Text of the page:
If you don't mind a short drive, Quidi Vidi Brewery is ten minutes away and is worth the trip if you want to buy a few bottles to take back to the hotel. This microbrewery is celebrating its 20th anniversary and receives rave reviews.
On the attractions side, both Cape Spear (the easternmost point in North America) and Signal Hill (where the first radio transmission was received in 1901) must not be missed, not only for their historical significance but also their spectacular views.
The Rooms is a museum and art gallery combination that sits atop a hill north of the city and also offers wonderful views of the harbor along with world-class exhibitions. St. John's is truly a beautiful town, so make sure to take a few days to see everything.
Capacity is 6,287 for hockey and they regularly draw over 5,000, a good crowd for a city with a population of about 100,000. Fans are attentive and don't make much noise so you can hear the sounds of the game quite clearly. Some complain that this is a problem, but I think it is because the fans are watching the game intently. I don't know when being a good fan became equated with making a lot of noise, but a quiet crowd doesn't mean bad fans necessarily, and that is the case here. Fans are friendly and well behaved. They also participate heavily in the 50/50 draw; the total pool exceeded $18,000 at one of the games I attended.
St. John's is not the easiest place to get to from the United States. Your best is a connecting flight in Toronto, which offers six flights a day on Air Canada and WestJet (Montreal and Halifax are other cities with regular flights). Driving in the winter is not recommended as the weather can be unpredictable and you would also need to take a ferry from Nova Scotia. If you plan to drive outside of downtown, you will need to rent a car at the airport, which is only about 15 minutes from downtown.
The rink is on Gower Street, right next to city hall. Street parking can be difficult to find, but there are metered spots on Casey Street at Barters Hill, about two minutes away. Meters are not enforced in the evening, so this is your best option. There is also a parking garage right next door to the rink (entrance on Barters Hill), but it is a bit much at $12. Again, if possible, stay downtown and walk; this also allows you to enjoy the nightlife to its fullest after the game.
The single concourse is very narrow and to minimize the number of bottlenecks during intermission, they have placed lines on the floor that instruct customers on how to stand without blocking the way. This works quite well and is something that should be adopted by other arenas with small footprints.
Washrooms are small, and there can be lineups during intermissions. Use the ice scrape breaks to save time, though remember that you cannot return to your seat until there is a stoppage in play.
Tickets range from $26 to $32 plus a host of service charges, even at the box office. Note that alcohol is not permitted in sections 114-116, which leaves those sections quite underpopulated and a good place to sit if you like space and don't drink during the game.
A night here will cost about $75 for two, which is a bit high for AHL hockey. I'd like to see ticket specials, such as one section for $15 or something similar to what other rinks offer. Of course, with the club averaging 85% capacity, maybe they really don't need to change anything at all.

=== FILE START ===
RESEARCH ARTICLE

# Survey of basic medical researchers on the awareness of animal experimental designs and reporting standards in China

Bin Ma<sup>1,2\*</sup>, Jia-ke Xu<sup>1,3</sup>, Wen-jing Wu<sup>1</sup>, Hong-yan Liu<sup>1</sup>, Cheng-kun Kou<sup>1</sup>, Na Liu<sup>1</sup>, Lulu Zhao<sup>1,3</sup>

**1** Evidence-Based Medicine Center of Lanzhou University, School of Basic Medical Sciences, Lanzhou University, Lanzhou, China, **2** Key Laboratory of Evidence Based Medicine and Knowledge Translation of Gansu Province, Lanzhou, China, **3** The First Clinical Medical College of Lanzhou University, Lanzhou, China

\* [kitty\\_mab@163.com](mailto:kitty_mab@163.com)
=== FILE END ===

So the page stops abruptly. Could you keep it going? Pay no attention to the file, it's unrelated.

Inside the main entrance is a tribute to veterans of the many wars in which Canada has participated.
Inside the Hockey House are some bits of memorabilia, such as jerseys of Darryl Sittler and Guy Lafleur. The Maple Leafs were the first NHL team to use St. John's as their AHL home, so it is fitting that one of their greatest players is remembered here.
During the national anthems, a large Canadian flag is passed from section to section. As well, a small picture of Queen Elizabeth can be spotted at one end of the rink.
There are AHL decals at the top of each section, though they need to be updated as defunct teams such as the Worcester Sharks are still on display.
Earplugs are on sale from a vending machine along the concourse, rather ironic as the rink is so quiet (they are really for use during the many concerts that are held here).
I strongly recommend a visit to Mile One Centre because you probably aren't going to get to Newfoundland otherwise as a sports fan. Although the rink itself is fairly average in all respects, the city itself provides a memorable destination and the surrounding neighborhood is fantastic, as is the scenery along the rugged Atlantic Coast.
Visiting Newfoundland in the winter is not something that most Canadians would even consider, but that shouldn't dissuade you. Naturally, going in October/November or March/April will minimize the risk of travel disruptions, but the city is accessible throughout the winter, though it can get quite cold with the wind coming in off the ocean. If you love hockey and travel, you should make all efforts to see a couple of games in St. John's, one of the most unique sporting destinations in North America.
The St. John’s IceCaps brought AHL hockey back to the easternmost point of North America in 2011, playing out of Mile One Centre in downtown St. John’s. The arena, opened in 2001, once housed the farm club for the Toronto Maple Leafs (1991-2005) and also the St. John’s Fog Devils of the QMJHL (2005-2008).
The IceCaps were born when the NHL returned to Winnipeg, and the Manitoba Moose left MTS Centre and moved east. The Jets immediately signed a deal to make the newly-minted Caps their farm club, giving the reigns of the organization to former premier of Newfoundland and avid hockey fan Danny Williams.
5 George St
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2 Holdsworth Ct
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288 Water St
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377 Duckworth St